Diesel use will increase from 26 million litres a year to 372 million litres a year for the five year construction period, peaking at a total of 516 million litres a year at full production

Uranium mining is the beginning of the nuclear cycle – the world has recently witnessed the potential consequences of nuclear energy, the issue of nuclear weapons is ever present and connected to mining this material to begin with, and the problem of the long term storage of radioactive waste remains unresolved.

The narrative:

The Lizard’s Revenge is named from an Indigenous dreamtime story of a sleeping lizard, who is said to be in the ground at the site of the Olympic Dam uranium mine. This legendary lizard has yellow poison in its belly. It should not be woken. This story carries an ancient warning about the dangers of uranium. Stories from other Aboriginal nations from around the country carry similar warnings.

Aims of the event:

- Close down the mine
- Run the festival on renewable energy (solar and wind power) , showcasing alternatives to nuclear power
- Bring people out to the desert so as to contextualise the issues. For many the mine is “over there,” too distant to really be a concern.
- Create a space which combines education, community dialogue, music, arts and resistance


- Raise awareness about the impacts of the project
- Highlight community opposition to the project

The political process does not provide adequate avenues for community input and consultation: 4000 submissions to the Environmental Impact Statement still saw no substantial changes to the guts of the proposal

Bipartisan support in SA for the project has effectively closed political avenues for change. As the press would be aware, Uncle Kevin is also challenging the approval of the project through legal channels. More information on this is available on request.

The Lizards Revenge was first announced on the 10th October 2011, coinciding with the State and Federal approvals of the Olympic Dam expansion. Since then, Rio + 20 in June this year has highlighted the failure of the concept of sustainable development and the failure of individual governments and the international community to genuinely address the ongoing environmental destruction that has become a feature of our age. Whilst governments and corporations pay lip service to sustainable development and environmental concerns, business as usual continues and economic growth is pursued as a goal in itself, with no reference either to people’s needs or environmental and social impacts. The main beneficiary of this growth model is big business.

In Papua New Guinea (PNG), BHP has left a legacy of environmental devastation at the Ok Tedi mine, which has received international attention due to its practice of dumping the mine tailings and other waste directly into the Ok Tedi river. The company has since cut and run, after securing their indemnity from future liabilities and legal claims, essentially absolving itself of any responsibility for the ongoing impacts on the local community and environment. In the mid-90’s, in response to a lawsuit by 30 000 indigenous locals, BHP helped the PNG government draft legislation that criminalised participation in the lawsuit, leading to international condemnation, an out of court settlement and further lawsuits alleging that the terms of the agreement were not met. In 2010 BHP was refused re-entry into PNG.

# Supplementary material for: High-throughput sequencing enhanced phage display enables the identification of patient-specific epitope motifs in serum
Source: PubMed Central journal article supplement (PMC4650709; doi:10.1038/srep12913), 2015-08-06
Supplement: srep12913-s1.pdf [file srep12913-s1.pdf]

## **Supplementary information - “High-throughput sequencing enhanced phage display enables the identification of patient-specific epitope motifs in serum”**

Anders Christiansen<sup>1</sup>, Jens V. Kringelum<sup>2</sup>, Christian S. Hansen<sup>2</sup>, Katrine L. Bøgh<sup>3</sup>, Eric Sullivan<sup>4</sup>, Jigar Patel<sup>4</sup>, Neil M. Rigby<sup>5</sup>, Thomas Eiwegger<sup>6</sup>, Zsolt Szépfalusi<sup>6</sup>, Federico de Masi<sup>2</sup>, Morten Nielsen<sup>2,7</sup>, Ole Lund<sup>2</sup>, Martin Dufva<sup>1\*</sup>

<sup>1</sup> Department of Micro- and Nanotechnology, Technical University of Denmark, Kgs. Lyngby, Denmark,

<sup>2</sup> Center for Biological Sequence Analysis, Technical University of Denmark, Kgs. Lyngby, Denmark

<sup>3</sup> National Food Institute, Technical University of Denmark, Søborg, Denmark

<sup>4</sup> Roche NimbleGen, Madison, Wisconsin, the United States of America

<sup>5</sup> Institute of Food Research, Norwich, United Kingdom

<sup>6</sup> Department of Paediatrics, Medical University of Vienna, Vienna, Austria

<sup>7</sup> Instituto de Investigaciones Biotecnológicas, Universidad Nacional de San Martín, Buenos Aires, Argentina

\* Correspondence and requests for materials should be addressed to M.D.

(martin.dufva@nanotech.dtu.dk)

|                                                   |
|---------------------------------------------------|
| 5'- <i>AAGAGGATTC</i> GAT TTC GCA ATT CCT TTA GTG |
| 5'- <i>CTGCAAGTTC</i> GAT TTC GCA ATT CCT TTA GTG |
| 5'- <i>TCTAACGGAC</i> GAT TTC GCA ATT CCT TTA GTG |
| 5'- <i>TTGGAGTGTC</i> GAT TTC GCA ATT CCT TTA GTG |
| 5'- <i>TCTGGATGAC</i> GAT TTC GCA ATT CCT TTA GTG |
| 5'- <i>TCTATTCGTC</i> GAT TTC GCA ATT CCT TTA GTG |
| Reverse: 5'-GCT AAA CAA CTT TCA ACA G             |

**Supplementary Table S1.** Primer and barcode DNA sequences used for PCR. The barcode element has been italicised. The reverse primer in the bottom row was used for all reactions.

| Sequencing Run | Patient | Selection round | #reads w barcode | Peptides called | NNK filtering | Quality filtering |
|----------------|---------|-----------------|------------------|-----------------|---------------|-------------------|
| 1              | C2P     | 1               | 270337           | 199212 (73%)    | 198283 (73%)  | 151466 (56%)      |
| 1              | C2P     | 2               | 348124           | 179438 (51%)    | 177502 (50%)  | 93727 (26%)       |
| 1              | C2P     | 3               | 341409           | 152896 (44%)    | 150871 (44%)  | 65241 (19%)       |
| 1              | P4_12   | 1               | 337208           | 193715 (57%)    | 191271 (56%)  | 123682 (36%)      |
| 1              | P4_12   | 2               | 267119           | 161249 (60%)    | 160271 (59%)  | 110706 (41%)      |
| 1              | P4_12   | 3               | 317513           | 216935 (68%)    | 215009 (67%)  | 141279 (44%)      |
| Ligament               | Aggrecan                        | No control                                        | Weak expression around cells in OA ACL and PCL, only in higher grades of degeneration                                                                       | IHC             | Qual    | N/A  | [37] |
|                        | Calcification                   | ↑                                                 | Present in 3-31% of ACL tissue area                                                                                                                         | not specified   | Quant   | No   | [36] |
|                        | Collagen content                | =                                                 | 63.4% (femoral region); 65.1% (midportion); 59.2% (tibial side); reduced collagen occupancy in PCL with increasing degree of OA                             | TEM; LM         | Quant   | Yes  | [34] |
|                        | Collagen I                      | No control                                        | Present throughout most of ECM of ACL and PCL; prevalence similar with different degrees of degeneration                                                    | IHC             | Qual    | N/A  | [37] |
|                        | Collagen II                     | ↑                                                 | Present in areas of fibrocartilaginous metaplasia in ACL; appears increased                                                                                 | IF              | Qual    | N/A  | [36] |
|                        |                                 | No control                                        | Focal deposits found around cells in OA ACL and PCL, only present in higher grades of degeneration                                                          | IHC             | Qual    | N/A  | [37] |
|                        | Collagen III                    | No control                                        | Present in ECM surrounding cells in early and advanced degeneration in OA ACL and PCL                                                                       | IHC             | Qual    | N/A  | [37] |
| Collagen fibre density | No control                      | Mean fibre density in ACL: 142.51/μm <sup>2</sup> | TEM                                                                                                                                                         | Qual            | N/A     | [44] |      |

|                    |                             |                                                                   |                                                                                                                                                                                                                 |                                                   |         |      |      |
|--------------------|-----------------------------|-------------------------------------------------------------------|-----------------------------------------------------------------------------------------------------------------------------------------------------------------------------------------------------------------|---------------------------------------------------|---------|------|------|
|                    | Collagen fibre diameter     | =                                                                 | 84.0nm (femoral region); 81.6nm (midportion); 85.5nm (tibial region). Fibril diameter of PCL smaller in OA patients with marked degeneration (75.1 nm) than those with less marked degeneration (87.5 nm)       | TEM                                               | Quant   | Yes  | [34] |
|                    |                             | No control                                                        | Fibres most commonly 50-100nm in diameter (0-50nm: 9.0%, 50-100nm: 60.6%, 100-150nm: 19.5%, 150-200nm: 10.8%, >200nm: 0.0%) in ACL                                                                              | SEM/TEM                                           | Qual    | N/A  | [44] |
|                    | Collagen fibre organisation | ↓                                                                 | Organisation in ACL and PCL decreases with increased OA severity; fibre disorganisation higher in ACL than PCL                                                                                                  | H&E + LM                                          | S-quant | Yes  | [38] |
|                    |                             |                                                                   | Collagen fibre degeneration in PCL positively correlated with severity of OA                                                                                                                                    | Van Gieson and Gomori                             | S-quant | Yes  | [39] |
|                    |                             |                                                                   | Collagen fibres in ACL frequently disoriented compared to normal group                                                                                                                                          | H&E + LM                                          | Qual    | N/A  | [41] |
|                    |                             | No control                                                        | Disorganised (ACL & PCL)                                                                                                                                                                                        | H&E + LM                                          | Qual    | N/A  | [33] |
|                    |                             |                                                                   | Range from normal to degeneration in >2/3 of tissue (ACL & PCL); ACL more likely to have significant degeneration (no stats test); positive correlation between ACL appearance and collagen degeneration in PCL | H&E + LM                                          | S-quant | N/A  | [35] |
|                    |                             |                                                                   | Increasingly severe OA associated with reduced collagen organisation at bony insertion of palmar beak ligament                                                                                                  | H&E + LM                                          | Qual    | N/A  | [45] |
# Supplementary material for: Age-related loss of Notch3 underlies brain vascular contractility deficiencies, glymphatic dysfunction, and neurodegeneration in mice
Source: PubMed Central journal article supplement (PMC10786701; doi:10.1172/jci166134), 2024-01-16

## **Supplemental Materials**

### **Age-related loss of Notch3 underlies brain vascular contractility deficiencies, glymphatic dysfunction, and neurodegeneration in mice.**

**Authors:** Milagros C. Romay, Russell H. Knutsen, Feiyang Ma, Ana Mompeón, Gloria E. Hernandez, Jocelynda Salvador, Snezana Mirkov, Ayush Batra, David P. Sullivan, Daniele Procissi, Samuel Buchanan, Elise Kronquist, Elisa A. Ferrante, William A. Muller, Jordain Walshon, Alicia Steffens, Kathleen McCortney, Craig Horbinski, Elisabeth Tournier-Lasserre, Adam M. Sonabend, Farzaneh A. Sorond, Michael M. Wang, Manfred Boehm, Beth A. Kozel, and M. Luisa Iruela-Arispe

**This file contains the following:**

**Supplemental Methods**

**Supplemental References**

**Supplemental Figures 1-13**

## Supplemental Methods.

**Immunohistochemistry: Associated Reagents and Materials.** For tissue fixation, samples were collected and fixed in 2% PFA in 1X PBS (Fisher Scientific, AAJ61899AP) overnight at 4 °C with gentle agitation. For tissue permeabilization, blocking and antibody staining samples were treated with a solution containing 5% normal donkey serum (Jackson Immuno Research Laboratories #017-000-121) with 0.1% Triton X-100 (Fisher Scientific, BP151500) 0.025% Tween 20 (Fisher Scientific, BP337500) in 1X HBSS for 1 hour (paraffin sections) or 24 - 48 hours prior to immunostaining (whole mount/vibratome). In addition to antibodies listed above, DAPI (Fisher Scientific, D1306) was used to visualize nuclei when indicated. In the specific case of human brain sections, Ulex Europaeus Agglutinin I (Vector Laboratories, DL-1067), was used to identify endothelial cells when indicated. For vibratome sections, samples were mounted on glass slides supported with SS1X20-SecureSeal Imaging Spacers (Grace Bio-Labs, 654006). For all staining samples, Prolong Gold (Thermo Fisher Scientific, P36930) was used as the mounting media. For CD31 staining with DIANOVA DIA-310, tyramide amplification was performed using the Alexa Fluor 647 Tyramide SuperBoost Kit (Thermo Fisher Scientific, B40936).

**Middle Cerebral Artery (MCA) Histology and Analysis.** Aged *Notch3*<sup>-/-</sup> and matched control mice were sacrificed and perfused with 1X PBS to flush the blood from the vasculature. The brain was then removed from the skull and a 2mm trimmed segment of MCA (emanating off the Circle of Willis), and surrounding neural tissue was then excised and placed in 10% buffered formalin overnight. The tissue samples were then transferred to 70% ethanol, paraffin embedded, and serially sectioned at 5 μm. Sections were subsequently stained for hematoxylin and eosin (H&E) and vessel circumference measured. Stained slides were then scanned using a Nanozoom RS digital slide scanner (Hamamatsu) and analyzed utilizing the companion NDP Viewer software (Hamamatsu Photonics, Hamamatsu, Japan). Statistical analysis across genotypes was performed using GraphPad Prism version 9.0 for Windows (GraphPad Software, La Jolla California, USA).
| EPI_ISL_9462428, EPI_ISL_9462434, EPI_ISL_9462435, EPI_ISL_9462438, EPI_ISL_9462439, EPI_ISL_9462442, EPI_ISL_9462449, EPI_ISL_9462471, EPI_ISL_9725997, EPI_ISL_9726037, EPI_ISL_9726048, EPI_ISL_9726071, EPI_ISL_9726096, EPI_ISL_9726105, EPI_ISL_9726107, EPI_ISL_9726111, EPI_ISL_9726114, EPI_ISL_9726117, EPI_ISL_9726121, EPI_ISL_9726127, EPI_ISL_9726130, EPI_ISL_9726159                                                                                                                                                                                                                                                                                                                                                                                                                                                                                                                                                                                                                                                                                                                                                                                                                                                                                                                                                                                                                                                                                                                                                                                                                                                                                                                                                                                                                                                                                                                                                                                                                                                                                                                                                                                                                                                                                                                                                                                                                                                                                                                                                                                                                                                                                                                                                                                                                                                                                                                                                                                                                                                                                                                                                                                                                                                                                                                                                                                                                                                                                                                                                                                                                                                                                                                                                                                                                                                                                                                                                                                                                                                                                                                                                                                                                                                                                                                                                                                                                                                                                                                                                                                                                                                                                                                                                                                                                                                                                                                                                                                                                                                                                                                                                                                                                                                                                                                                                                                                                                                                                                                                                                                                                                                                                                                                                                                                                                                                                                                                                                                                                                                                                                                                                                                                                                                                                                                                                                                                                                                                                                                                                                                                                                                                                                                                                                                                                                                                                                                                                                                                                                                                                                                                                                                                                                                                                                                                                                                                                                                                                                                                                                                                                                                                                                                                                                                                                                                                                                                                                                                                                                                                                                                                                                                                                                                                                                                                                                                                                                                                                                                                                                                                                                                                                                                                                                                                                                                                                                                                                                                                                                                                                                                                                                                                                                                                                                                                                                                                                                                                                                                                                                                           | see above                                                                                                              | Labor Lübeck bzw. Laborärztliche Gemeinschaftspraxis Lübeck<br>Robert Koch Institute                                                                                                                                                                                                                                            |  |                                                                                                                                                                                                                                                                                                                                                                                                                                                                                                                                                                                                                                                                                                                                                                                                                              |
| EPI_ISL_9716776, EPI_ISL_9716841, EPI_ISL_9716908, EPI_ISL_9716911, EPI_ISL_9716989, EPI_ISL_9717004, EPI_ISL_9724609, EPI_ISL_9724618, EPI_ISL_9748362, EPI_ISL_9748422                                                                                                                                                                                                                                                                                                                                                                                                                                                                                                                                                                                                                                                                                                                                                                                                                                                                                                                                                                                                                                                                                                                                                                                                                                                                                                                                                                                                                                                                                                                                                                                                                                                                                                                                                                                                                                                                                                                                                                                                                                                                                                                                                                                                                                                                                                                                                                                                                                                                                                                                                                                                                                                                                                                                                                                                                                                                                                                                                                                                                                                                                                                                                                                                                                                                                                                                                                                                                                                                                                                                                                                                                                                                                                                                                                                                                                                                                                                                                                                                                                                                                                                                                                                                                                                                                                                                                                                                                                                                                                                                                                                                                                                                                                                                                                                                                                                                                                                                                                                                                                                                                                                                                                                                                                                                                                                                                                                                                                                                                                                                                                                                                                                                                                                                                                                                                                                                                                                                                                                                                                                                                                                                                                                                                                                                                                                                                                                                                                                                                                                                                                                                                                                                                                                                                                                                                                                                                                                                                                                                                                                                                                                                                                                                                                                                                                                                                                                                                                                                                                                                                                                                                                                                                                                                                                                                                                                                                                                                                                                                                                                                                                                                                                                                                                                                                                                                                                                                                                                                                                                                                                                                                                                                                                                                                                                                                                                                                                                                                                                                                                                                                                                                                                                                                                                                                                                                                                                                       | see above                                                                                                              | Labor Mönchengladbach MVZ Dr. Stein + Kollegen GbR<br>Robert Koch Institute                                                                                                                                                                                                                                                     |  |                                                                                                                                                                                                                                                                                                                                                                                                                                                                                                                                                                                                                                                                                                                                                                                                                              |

BHP has shown similar contempt for taking responsibility for the impacts of its actions in Australia. The recently amended Indenture Act which will apply to the new mine continues to exempt BHP from the Aboriginal Heritage Act 1988, which applies elsewhere in the state. Instead the company recognises the Aboriginal Heritage Act 1979, which was never made an operating law in South Australia. It is preferred by the company due to its weaker consultation provisions in relation to Aboriginal heritage, and the company is further granted exemptions from parts of this Act. The effect of these exemptions is that BHP has absolute discretion as to what Aboriginal sites are recognised and protected. BHP have essentially chosen which parts of which legislation should apply to them.

It is clearly a conflict of interest to have a corporation with a commercial interest in a piece of land also making decisions as to whether this same piece of land has competing non-commercial values.

At this stage the company does not have a comprehensive Mine Closure Plan. This has instead been added as a condition to the Federal Governments approval of the project. It has recently been argued in the Federal Court that a plan dealing with the closure of the mine should not have been added to the approval as a condition but that such a plan is a critical part of the project design, and hence should have been submitted prior to approval and considered as part of the approval process.

Where does Uncle Kevin Buzzacott and the Arabunna fit into all of this?

Uncle Kevin Buzzacott is an Arabunna elder. Arabunna land lies North of the mine site. The borefields which extract water for the mine from the Great Artesian Basin are located on Arabunna land. The recent recognition of the Arabunna peoples long standing Native Title claim does not give the Arabunna people any rights to contest the location of the borefields. The GAB feeds the mound springs scattered throughout the Lake Eyre region. The springs are integral to the desert ecosystem and sacred to the Arabunna people. They have already been impacted by the water usage of the current mine.